But just because we don’t have an iron-clad answer, doesn’t mean that we can’t say anything meaningful at all. Indeed, probing our conception of mathematical truth inevitably leads us to grapple with what we mean by a proof in the first place. Which, in turn, directly leads us straight to the notion of mathematical intuition.

“A great English mathematician named G.H. Hardy used some provocative imagery to describe how he did mathematics. ‘Proofs don’t mean anything,’ he said. ‘Proofs are just rhetorical flourishes, showing off.’ I think he used the word “gas”. The *real facts*, he said are like this: it’s as if I can see a distant mountain range and I see a peak and then a couple more peaks.

“And then I pull you over and say, ‘I want you to just look over here. You see this peak that you already know of? Now look a little bit to the right and just behind it. You see that thing there? I can point out something new to you that you’ve never seen before, and then you’ll say, ‘Oh yeah, now I get it.’”

Our notion of a valid mathematical proof, in other words, our conviction of the objective truth of a mathematical statement, can actually be regarded as a form of perception that we somehow intuit.

This might seem, I well recognize, a bit abstract. But James gives a simple and compelling example of such mathematical intuition. Consider the following mathematical statement: 1 + 2 + 3 + … + N = (½)N² + (½)N.

And now look closely at the following diagram. A few moments of studied reflection demonstrate that this diagram is not simply a helpful aid or calculation device.

It is, in a very concrete way, nothing less than an iron-clad demonstration of the truth of the the algebraic statement: 1 + 2 + 3 + … + N = (½)N² + (½)N.

The diagram, in other words, is a tangible example of the process of mathematical intuition.

“If you look at that diagram, you see how powerful it is, because when you see how the diagram works, you understand how the equation works generally. You see that it works not just for N=5, but N=6 as well. It works for N=2. It works for every single number N, all infinitely many of them.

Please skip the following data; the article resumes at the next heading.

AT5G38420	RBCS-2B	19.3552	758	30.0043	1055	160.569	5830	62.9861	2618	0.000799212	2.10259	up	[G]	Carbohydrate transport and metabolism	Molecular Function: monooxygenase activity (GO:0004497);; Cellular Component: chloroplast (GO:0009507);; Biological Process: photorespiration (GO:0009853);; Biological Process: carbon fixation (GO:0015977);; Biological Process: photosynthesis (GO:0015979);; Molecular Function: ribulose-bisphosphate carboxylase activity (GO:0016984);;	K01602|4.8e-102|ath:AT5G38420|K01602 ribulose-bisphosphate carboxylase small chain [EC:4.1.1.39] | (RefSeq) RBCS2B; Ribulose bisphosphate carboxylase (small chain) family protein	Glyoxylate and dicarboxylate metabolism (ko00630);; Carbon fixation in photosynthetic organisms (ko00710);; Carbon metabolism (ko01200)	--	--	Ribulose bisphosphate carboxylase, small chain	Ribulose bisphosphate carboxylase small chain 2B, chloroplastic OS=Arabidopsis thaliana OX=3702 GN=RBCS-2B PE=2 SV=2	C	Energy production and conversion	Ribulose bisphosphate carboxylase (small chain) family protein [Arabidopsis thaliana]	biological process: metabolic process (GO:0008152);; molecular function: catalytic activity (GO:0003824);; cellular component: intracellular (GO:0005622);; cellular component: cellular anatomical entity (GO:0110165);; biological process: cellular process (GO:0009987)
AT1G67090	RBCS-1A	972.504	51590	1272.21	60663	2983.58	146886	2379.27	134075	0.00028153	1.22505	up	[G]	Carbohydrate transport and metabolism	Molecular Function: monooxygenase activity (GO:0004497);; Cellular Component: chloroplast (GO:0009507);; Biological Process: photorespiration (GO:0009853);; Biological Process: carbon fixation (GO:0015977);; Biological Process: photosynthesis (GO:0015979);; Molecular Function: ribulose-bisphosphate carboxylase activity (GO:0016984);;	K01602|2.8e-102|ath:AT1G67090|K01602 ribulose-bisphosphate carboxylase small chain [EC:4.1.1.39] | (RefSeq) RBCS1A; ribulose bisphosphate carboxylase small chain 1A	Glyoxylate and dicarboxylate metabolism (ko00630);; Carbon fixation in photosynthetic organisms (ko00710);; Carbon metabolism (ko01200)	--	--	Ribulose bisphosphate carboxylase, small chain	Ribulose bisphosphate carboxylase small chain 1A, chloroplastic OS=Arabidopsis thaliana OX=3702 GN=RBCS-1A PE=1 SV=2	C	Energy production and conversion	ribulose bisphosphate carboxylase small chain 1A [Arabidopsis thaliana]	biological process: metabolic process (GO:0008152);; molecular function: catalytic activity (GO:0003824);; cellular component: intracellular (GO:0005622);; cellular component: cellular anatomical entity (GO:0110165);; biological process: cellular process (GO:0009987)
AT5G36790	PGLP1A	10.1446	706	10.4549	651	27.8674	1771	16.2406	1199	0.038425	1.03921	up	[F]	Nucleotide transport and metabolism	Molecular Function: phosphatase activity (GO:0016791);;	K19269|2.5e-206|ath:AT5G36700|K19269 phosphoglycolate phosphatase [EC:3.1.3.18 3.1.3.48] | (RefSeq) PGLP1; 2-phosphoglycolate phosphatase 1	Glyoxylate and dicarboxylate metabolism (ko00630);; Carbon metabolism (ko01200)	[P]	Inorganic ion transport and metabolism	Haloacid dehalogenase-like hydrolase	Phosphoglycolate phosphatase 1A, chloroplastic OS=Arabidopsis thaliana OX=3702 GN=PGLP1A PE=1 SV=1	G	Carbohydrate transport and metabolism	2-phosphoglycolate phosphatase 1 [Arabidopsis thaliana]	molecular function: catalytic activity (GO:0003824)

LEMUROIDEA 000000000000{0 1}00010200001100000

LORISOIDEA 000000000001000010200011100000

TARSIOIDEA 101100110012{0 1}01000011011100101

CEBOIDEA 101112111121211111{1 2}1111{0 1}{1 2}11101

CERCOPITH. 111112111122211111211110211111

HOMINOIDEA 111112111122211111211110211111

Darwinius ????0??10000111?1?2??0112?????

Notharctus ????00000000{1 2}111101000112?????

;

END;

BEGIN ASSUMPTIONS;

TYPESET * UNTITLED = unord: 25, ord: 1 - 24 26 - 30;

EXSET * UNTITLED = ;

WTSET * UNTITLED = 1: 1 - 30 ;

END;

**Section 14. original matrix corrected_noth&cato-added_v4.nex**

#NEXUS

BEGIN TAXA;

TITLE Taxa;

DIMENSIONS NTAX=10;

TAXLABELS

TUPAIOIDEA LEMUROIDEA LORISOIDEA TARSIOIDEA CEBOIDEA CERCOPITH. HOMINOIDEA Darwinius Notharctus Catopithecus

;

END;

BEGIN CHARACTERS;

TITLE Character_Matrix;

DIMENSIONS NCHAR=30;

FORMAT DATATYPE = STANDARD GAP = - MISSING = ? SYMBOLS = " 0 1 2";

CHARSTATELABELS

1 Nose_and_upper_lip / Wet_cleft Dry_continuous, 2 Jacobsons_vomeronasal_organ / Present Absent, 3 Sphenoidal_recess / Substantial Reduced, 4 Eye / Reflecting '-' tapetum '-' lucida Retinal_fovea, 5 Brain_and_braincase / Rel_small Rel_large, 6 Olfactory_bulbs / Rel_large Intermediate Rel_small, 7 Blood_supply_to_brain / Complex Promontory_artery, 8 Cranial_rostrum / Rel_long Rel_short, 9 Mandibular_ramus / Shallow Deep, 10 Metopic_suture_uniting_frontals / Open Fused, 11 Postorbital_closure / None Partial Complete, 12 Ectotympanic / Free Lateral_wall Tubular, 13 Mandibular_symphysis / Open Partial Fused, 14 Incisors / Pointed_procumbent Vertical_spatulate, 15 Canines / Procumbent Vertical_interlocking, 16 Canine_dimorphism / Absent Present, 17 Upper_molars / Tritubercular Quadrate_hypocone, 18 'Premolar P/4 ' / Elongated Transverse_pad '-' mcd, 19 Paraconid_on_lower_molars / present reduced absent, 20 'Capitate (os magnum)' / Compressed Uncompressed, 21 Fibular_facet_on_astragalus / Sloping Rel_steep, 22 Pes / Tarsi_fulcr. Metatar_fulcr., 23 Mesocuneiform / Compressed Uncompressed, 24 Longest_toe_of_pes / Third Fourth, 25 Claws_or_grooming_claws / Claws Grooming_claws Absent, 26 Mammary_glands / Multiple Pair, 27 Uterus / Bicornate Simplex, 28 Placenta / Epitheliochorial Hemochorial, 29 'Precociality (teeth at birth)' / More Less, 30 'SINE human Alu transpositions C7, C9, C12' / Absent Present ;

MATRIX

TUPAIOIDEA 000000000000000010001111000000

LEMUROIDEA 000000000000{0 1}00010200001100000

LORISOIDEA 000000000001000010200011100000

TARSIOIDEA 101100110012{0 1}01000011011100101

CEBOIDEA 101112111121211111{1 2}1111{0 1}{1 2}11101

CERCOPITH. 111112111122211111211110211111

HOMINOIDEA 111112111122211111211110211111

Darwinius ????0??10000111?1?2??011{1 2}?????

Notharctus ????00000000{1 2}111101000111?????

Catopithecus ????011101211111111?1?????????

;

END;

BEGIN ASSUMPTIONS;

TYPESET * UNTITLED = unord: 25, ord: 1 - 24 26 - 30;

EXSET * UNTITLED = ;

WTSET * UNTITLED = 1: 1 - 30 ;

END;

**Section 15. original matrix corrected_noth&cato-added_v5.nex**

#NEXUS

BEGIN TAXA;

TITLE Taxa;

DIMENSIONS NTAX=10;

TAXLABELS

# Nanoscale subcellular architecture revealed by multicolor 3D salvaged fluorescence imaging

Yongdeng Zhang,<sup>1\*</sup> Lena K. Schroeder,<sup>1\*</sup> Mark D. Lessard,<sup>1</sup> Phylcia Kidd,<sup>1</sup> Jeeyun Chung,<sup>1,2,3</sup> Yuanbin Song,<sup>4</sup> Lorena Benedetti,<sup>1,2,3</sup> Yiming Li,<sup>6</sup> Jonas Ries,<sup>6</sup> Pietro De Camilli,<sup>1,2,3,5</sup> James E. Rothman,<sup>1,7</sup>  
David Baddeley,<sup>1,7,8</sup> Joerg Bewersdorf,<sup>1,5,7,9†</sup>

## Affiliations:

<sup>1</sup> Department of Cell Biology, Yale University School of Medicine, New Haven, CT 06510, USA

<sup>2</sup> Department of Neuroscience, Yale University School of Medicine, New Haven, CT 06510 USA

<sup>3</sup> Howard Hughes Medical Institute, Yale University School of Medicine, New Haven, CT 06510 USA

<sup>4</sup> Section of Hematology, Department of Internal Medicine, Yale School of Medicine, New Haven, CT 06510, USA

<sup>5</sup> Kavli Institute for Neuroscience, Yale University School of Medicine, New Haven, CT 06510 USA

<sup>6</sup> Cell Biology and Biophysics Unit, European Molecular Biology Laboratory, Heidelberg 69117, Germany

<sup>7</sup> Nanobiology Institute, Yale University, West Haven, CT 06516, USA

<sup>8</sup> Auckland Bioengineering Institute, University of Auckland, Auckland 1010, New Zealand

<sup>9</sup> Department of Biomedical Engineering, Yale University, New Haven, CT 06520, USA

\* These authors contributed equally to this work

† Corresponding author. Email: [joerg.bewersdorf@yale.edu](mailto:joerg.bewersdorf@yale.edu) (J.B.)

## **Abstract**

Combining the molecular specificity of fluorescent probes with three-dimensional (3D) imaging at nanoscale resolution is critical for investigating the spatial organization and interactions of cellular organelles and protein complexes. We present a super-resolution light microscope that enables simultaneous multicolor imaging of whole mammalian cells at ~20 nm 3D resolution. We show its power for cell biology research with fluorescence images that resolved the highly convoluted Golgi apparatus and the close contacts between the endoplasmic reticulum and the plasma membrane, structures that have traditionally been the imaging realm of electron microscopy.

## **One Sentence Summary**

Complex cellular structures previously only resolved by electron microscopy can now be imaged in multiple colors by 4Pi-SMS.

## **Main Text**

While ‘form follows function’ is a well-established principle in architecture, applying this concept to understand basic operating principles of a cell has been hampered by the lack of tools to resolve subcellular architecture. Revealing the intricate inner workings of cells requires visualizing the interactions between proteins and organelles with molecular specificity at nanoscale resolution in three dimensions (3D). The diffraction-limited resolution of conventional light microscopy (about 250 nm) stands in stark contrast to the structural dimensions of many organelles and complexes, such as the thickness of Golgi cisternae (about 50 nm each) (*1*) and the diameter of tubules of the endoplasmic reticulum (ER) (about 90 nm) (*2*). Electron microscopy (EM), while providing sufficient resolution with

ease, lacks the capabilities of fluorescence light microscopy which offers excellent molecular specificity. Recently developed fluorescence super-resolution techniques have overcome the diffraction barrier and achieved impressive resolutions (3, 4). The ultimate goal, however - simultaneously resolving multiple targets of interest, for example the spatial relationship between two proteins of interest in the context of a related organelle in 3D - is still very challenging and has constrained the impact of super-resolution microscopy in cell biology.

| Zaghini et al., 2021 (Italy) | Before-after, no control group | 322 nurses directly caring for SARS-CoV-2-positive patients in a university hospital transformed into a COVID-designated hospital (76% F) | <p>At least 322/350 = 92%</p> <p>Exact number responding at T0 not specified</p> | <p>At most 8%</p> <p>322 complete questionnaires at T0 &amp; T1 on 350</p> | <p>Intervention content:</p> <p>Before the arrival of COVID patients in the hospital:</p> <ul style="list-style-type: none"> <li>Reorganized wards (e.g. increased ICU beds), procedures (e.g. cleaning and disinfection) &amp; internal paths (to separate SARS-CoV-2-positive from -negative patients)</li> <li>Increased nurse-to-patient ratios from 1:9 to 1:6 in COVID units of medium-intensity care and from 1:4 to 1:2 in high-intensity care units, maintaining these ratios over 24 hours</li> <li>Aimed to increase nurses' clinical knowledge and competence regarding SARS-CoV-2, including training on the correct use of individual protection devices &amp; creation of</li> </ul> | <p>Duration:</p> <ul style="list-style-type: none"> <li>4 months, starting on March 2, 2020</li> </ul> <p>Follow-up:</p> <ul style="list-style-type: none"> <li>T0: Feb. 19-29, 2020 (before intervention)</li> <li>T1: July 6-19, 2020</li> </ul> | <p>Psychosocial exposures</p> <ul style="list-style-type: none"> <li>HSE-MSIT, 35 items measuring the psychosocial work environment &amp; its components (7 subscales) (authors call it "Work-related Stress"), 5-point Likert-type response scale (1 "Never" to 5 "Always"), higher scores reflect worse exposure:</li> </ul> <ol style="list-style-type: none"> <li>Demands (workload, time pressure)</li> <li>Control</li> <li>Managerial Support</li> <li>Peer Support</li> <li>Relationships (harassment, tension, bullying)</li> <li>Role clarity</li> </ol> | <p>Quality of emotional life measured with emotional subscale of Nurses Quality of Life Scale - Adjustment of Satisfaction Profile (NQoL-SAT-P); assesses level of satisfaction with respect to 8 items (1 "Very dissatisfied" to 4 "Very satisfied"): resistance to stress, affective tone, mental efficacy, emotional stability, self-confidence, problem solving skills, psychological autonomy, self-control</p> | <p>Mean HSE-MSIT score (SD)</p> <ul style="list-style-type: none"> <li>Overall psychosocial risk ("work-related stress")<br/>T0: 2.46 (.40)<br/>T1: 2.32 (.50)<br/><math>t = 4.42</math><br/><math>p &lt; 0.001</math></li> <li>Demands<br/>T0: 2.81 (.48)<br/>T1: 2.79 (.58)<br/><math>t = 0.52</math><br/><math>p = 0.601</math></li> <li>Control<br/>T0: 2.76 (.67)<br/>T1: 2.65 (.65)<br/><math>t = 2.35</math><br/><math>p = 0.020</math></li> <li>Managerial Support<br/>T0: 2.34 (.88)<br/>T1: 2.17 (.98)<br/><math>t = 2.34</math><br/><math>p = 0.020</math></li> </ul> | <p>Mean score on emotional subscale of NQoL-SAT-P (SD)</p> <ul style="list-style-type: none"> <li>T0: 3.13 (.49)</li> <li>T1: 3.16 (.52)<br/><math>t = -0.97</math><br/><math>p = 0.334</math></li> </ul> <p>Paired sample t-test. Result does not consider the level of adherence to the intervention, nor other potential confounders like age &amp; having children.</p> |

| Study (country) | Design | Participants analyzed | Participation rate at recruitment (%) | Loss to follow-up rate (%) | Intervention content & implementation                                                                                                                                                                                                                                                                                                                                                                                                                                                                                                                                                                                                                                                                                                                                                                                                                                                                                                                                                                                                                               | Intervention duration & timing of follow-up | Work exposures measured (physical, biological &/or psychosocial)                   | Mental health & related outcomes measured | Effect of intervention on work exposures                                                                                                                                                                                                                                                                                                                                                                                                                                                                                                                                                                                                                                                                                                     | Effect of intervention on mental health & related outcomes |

“And that’s truly remarkable. I don’t know exactly what’s going on that allows us to see the truth of that theorem just by looking at that diagram, but when you’ve studied it long enough you become convinced that it’s a real proof. The normal proof of this statement is by a process called ‘mathematical induction’, which all professional mathematicians are happy to accept. The normal ideology of mathematics is that you should stay away from pictures. They can be psychologically helpful, but they’re not actually evidence.

“But when you look at this example, you begin to think, No, that’s a real proof. That does it, That’s just as convincing. The evidence is every bit as strong in favour of that theorem through that picture of a “normal proof” by induction.

“And if you say, ‘Oh, I see that it works for 5, but I’m not sure about 13. Show me 13.’ Then we’d say, ‘No, no, you haven’t got it yet. Let’s study the N=5 case a bit longer and then the light will go on and you’ll see it works for every single number N. Somehow or other you will gain that little bit of perception, that little grasp, that little seeing with the mind’s eye.”

Mathematical intuition is thus a deeply slippery and subtle concept, and likely will always remain so. But that hardly means it doesn’t exist.

**Howard Burton, ****howard@ideasroadshow.com**